List of Tax Deductions for a Direct Seller

by Kevin Boone; Updated September 26, 2017
Tax Form 1040

Business deductions and credits reduce the taxes that a business must pay. Direct sellers may have to travel long distances for trade shows, must often keep product inventories, and must promote their products. These activities incur heavy expenses. Keeping accurate business records ensures good accounting practices and substantiates business deductions. Only the business portion of equipment can be deducted if the same equipment is used for personal purposes.

Inventory Expense Deductions

The cost of goods sold (COGS), the cost of labor paid for inventory services and production costs should be included in the inventory costs. To accurately reflect these costs, inventory must be taken at the beginning and end of each year. Inventory withdrawn for personal use cannot be included in the COGS.

Common Business Deductions

Boxes, packing supplies, tape, labels, envelopes, fasteners, pens, paper, organizers, bookkeeping supplies and cleaning supplies used for business are deductible expenses. Traveling supplies such as log books, atlases and maps can be deducted. Shipping expenses such as postage, freight and travel to and from the shipping office are deductible business expenses as well.

Expenses for promotional items such as business cards, product catalogs, demonstration products, samples, kits and gifts to clients can be deducted. Expenses paid for legal, accounting, and other professional services can be deducted as business expenses. Fees paid for printing and copy services, inventory storage, advertising, and phone services can also be deducted as business expenses.

Bank-related service charges; utilities (electric, water, Internet, and gas); insurance premiums paid to protect your business assets from loss (excluding health and auto); business and professional licenses; subscriptions for business-related publications; state and local income taxes; and excise, real estate, property and employment taxes are deductible expenses.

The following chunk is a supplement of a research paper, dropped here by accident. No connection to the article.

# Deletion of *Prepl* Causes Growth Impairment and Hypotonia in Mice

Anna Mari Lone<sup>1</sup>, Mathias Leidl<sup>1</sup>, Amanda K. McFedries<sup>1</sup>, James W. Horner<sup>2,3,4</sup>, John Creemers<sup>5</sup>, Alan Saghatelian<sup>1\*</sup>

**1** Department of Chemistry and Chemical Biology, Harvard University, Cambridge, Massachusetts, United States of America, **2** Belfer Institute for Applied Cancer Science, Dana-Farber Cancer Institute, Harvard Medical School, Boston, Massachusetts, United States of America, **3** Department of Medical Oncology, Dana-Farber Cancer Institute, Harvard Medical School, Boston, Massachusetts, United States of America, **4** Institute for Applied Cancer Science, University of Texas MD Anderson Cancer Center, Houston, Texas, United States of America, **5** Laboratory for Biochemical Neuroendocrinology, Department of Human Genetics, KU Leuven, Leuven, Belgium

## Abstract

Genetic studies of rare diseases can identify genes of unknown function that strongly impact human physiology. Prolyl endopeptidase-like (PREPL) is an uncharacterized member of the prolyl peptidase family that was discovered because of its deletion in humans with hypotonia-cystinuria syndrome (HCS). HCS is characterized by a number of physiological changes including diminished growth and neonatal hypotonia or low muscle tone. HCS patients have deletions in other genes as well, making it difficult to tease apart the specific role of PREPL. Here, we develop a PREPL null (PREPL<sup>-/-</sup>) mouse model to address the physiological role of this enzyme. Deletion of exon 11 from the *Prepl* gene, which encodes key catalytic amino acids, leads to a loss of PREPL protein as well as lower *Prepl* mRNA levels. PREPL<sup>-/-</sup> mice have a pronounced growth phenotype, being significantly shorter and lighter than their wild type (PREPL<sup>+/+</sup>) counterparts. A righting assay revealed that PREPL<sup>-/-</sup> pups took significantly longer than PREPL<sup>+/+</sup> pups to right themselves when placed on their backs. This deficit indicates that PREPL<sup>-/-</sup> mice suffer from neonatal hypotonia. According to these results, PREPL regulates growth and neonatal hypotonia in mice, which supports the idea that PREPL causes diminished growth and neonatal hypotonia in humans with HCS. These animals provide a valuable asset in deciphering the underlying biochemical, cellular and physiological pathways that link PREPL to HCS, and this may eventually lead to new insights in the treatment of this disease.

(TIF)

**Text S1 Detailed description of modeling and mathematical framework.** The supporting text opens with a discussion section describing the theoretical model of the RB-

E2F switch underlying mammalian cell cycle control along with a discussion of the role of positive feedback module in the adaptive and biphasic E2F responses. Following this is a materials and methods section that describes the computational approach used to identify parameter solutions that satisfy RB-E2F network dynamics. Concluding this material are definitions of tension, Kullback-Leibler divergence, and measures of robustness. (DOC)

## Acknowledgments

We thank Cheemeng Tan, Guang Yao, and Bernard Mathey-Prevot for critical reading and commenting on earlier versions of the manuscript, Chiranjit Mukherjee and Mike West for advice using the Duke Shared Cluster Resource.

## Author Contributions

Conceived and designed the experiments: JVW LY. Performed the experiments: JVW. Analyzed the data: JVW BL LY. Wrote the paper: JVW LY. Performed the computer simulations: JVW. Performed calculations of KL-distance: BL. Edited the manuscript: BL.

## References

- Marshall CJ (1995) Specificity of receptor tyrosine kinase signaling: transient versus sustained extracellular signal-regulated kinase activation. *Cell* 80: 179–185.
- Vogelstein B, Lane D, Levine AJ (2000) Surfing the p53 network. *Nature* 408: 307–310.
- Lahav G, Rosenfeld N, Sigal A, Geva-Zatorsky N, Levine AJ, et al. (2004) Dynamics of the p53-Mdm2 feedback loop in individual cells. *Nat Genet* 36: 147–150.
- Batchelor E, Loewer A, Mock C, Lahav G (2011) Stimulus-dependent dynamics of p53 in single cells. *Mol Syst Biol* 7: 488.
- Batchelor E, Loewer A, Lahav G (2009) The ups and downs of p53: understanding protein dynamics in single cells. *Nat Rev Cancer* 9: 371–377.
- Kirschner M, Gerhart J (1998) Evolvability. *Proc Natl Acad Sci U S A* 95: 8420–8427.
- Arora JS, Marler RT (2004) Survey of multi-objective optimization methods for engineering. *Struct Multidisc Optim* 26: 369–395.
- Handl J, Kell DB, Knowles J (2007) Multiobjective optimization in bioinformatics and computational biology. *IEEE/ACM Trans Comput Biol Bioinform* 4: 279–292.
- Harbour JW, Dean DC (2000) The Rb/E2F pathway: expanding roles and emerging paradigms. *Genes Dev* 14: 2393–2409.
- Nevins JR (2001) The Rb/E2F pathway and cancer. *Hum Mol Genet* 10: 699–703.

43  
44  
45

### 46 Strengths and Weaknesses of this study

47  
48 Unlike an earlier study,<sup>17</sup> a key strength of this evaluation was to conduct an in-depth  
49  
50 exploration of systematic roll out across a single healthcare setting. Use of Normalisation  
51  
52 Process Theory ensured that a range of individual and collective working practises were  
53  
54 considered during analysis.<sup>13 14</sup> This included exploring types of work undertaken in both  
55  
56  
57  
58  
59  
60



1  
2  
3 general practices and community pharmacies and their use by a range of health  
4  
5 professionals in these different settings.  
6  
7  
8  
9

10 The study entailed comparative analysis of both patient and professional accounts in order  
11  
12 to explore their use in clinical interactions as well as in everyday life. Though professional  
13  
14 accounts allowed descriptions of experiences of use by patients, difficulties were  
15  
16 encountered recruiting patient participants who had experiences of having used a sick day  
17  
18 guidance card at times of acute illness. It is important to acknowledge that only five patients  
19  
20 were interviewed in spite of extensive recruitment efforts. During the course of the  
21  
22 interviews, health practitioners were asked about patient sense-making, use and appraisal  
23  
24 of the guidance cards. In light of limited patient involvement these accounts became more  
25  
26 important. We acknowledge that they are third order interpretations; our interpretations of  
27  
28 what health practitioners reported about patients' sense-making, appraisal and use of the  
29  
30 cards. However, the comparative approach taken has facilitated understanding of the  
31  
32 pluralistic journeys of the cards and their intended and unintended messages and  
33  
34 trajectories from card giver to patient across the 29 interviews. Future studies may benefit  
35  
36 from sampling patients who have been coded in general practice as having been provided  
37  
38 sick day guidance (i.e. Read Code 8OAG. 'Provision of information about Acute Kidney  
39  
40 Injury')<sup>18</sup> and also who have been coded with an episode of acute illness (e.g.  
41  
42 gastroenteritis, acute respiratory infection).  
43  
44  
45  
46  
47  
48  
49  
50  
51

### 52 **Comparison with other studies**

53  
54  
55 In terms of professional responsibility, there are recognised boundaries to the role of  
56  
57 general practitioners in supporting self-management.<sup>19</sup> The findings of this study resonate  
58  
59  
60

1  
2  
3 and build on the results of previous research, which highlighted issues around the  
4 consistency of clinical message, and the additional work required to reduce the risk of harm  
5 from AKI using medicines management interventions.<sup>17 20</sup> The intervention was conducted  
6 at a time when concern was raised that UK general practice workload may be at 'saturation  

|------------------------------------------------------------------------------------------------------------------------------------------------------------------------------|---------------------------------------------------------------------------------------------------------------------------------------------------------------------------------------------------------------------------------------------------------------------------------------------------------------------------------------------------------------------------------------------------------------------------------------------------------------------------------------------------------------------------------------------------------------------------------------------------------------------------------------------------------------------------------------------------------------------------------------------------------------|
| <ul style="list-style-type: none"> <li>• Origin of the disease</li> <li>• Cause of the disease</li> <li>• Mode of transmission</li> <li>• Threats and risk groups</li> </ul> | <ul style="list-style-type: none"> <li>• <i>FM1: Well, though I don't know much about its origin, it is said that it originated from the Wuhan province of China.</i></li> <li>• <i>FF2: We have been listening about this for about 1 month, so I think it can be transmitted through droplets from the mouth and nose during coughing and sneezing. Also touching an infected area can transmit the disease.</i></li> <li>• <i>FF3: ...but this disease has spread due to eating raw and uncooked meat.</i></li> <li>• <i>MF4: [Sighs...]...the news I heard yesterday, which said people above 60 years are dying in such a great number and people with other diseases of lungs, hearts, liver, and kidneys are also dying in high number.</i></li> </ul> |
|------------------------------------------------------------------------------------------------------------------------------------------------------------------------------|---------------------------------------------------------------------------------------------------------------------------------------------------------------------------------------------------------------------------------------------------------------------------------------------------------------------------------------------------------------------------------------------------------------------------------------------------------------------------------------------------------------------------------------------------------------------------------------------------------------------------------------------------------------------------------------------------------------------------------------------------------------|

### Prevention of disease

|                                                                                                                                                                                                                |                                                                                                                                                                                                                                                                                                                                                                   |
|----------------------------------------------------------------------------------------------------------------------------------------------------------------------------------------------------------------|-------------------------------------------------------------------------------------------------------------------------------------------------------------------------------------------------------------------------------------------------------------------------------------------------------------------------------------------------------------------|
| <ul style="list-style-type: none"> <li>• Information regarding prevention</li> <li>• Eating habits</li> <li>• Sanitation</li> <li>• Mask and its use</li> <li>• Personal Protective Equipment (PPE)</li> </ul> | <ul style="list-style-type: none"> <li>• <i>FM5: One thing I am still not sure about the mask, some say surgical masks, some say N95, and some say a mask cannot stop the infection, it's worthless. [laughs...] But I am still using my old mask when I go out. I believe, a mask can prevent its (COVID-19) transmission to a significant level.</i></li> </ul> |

Depreciation Deductions

Depreciation allows you to deduct the cost of assets over several years. In some cases, you may claim outright expenses for assets. Depreciation can be taken for display tables, office furniture, computers, computer equipment, software, fax machines, copiers and small electronic devices.

Transportation and Travel Deductions

Car expenses such as gas, oil, repairs, maintenance, lease payments, insurance, depreciation, taxes, licenses and fees can be deducted as business expenses. A standard mileage rate of (set by the IRS) can be used instead. Additionally, transportation expenses for airplane, bus, limousine, train and taxi services can be deducted.

Lodging, meals and entertainment expenses incurred to attend seminars and trade shows may be deducted. incidental expenses such as parking, tolls, dry cleaning, laundry, tips, phone calls and the cost of sending baggage and supplies ahead of time are business deductions also. Meals and entertainment can be claimed at 50 percent in most cases. Expenses paid to rent space in public areas to present and sell your products can be deducted as well.

Other Business Deductions

Interest paid on loans; rent or lease paid for property, equipment or temporary vehicles; and compensation paid to employees (wages, salaries, gifts, awards, commissions, benefits) can be deducted. A home business deduction may be taken under certain conditions.

Form 1040 and Personal Deductions

One-half of the self-employment tax, contributions to qualified SIMPLE, SEP and Keogh retirement plans, and a self-employed health insurance deduction reduce the amount of the total income. A standard deduction plus an exemption for you and each dependent can be claimed to reduce taxes.

Business Credits

Other business and personal credits include the Form 3800, General Business Credits; Form 8826, Disabled Access Credit (up to $5,000); Form 8908, Energy Efficient Home Credit; and Form 8909, Energy Efficient Appliance Credit.

About the Author

Kevin Boone is a current student at Chattanooga College and graduated from Pellissippi State in 2000 with an associate degree in electrical engineering. He has written safety-related procedures and documents for organizing power system components and holds his A+ Certification for Computers.

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